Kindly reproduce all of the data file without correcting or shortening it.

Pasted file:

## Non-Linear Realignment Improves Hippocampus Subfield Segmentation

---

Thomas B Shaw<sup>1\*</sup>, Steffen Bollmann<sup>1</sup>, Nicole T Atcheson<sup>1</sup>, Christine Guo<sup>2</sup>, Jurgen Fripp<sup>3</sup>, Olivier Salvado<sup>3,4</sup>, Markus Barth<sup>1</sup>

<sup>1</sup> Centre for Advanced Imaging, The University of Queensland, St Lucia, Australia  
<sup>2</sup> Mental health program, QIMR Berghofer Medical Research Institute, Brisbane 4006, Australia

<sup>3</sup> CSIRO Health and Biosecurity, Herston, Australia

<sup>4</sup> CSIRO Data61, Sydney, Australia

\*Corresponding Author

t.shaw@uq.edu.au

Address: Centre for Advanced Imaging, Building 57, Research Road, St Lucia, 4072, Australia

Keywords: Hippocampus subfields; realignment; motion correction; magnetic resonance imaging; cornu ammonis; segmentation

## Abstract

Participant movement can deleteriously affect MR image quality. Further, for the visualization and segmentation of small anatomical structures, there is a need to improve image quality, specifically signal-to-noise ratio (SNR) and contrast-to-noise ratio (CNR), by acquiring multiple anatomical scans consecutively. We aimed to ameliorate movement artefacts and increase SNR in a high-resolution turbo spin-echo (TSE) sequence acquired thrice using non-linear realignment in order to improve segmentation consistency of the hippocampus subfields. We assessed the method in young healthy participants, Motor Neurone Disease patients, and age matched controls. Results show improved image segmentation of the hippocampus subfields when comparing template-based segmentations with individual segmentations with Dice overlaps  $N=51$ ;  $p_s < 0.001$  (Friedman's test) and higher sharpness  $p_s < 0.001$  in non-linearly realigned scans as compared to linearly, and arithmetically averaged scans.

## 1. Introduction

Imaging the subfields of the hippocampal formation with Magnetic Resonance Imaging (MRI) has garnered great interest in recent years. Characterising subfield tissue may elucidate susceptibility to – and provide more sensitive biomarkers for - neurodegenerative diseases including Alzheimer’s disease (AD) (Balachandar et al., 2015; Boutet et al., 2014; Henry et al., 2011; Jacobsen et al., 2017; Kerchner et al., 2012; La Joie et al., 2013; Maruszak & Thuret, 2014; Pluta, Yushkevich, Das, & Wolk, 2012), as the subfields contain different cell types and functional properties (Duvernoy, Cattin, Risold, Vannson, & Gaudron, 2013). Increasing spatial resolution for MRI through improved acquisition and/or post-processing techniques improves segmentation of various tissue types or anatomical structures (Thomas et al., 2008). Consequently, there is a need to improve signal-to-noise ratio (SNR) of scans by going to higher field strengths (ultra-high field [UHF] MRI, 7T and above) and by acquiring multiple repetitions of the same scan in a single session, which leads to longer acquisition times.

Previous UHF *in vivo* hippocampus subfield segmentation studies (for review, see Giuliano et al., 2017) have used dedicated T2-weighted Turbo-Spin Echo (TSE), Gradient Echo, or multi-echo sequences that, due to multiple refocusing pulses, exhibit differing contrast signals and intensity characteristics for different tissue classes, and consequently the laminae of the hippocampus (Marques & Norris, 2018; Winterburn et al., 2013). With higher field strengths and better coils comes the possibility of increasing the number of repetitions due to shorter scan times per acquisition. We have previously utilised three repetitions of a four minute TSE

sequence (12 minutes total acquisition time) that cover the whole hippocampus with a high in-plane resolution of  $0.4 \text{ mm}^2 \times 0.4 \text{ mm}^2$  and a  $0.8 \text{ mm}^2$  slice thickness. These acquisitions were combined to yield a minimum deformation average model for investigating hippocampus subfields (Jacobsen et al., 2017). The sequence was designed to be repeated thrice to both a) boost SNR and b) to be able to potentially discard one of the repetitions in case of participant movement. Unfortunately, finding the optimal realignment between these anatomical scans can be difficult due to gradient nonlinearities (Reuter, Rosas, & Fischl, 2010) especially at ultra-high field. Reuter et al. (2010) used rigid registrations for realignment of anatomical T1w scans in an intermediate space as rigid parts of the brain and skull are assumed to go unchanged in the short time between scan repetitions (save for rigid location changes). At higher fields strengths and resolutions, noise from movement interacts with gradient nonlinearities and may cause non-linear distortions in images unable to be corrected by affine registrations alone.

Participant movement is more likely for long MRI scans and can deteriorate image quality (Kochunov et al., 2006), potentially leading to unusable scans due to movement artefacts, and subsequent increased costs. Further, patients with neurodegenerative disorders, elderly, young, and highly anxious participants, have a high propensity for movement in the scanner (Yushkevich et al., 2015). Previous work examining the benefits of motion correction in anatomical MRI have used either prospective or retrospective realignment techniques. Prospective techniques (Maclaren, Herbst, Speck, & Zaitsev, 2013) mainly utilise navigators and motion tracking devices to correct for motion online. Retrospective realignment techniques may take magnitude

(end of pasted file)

## Non-Linear Realignment Improves Hippocampus Subfield Segmentation

---

Thomas B Shaw<sup>1\*</sup>, Steffen Bollmann<sup>1</sup>, Nicole T Atcheson<sup>1</sup>, Christine Guo<sup>2</sup>, Jurgen Fripp<sup>3</sup>, Olivier Salvado<sup>3,4</sup>, Markus Barth<sup>1</sup>

<sup>1</sup> Centre for Advanced Imaging, The University of Queensland, St Lucia, Australia  
<sup>2</sup> Mental health program, QIMR Berghofer Medical Research Institute, Brisbane 4006, Australia

<sup>3</sup> CSIRO Health and Biosecurity, Herston, Australia

<sup>4</sup> CSIRO Data61, Sydney, Australia

\*Corresponding Author

t.shaw@uq.edu.au

Address: Centre for Advanced Imaging, Building 57, Research Road, St Lucia, 4072, Australia

Keywords: Hippocampus subfields; realignment; motion correction; magnetic resonance imaging; cornu ammonis; segmentation

## Abstract

Participant movement can deleteriously affect MR image quality. Further, for the visualization and segmentation of small anatomical structures, there is a need to improve image quality, specifically signal-to-noise ratio (SNR) and contrast-to-noise ratio (CNR), by acquiring multiple anatomical scans consecutively. We aimed to ameliorate movement artefacts and increase SNR in a high-resolution turbo spin-echo (TSE) sequence acquired thrice using non-linear realignment in order to improve segmentation consistency of the hippocampus subfields. We assessed the method in young healthy participants, Motor Neurone Disease patients, and age matched controls. Results show improved image segmentation of the hippocampus subfields when comparing template-based segmentations with individual segmentations with Dice overlaps  $N=51$ ;  $p_s < 0.001$  (Friedman's test) and higher sharpness  $p_s < 0.001$  in non-linearly realigned scans as compared to linearly, and arithmetically averaged scans.

## 1. Introduction

Imaging the subfields of the hippocampal formation with Magnetic Resonance Imaging (MRI) has garnered great interest in recent years. Characterising subfield tissue may elucidate susceptibility to – and provide more sensitive biomarkers for - neurodegenerative diseases including Alzheimer’s disease (AD) (Balachandar et al., 2015; Boutet et al., 2014; Henry et al., 2011; Jacobsen et al., 2017; Kerchner et al., 2012; La Joie et al., 2013; Maruszak & Thuret, 2014; Pluta, Yushkevich, Das, & Wolk, 2012), as the subfields contain different cell types and functional properties (Duvernoy, Cattin, Risold, Vannson, & Gaudron, 2013). Increasing spatial resolution for MRI through improved acquisition and/or post-processing techniques improves segmentation of various tissue types or anatomical structures (Thomas et al., 2008). Consequently, there is a need to improve signal-to-noise ratio (SNR) of scans by going to higher field strengths (ultra-high field [UHF] MRI, 7T and above) and by acquiring multiple repetitions of the same scan in a single session, which leads to longer acquisition times.

Previous UHF *in vivo* hippocampus subfield segmentation studies (for review, see Giuliano et al., 2017) have used dedicated T2-weighted Turbo-Spin Echo (TSE), Gradient Echo, or multi-echo sequences that, due to multiple refocusing pulses, exhibit differing contrast signals and intensity characteristics for different tissue classes, and consequently the laminae of the hippocampus (Marques & Norris, 2018; Winterburn et al., 2013). With higher field strengths and better coils comes the possibility of increasing the number of repetitions due to shorter scan times per acquisition. We have previously utilised three repetitions of a four minute TSE

sequence (12 minutes total acquisition time) that cover the whole hippocampus with a high in-plane resolution of  $0.4 \text{ mm}^2 \times 0.4 \text{ mm}^2$  and a  $0.8 \text{ mm}^2$  slice thickness. These acquisitions were combined to yield a minimum deformation average model for investigating hippocampus subfields (Jacobsen et al., 2017). The sequence was designed to be repeated thrice to both a) boost SNR and b) to be able to potentially discard one of the repetitions in case of participant movement. Unfortunately, finding the optimal realignment between these anatomical scans can be difficult due to gradient nonlinearities (Reuter, Rosas, & Fischl, 2010) especially at ultra-high field. Reuter et al. (2010) used rigid registrations for realignment of anatomical T1w scans in an intermediate space as rigid parts of the brain and skull are assumed to go unchanged in the short time between scan repetitions (save for rigid location changes). At higher fields strengths and resolutions, noise from movement interacts with gradient nonlinearities and may cause non-linear distortions in images unable to be corrected by affine registrations alone.

Participant movement is more likely for long MRI scans and can deteriorate image quality (Kochunov et al., 2006), potentially leading to unusable scans due to movement artefacts, and subsequent increased costs. Further, patients with neurodegenerative disorders, elderly, young, and highly anxious participants, have a high propensity for movement in the scanner (Yushkevich et al., 2015). Previous work examining the benefits of motion correction in anatomical MRI have used either prospective or retrospective realignment techniques. Prospective techniques (Maclaren, Herbst, Speck, & Zaitsev, 2013) mainly utilise navigators and motion tracking devices to correct for motion online. Retrospective realignment techniques may take magnitude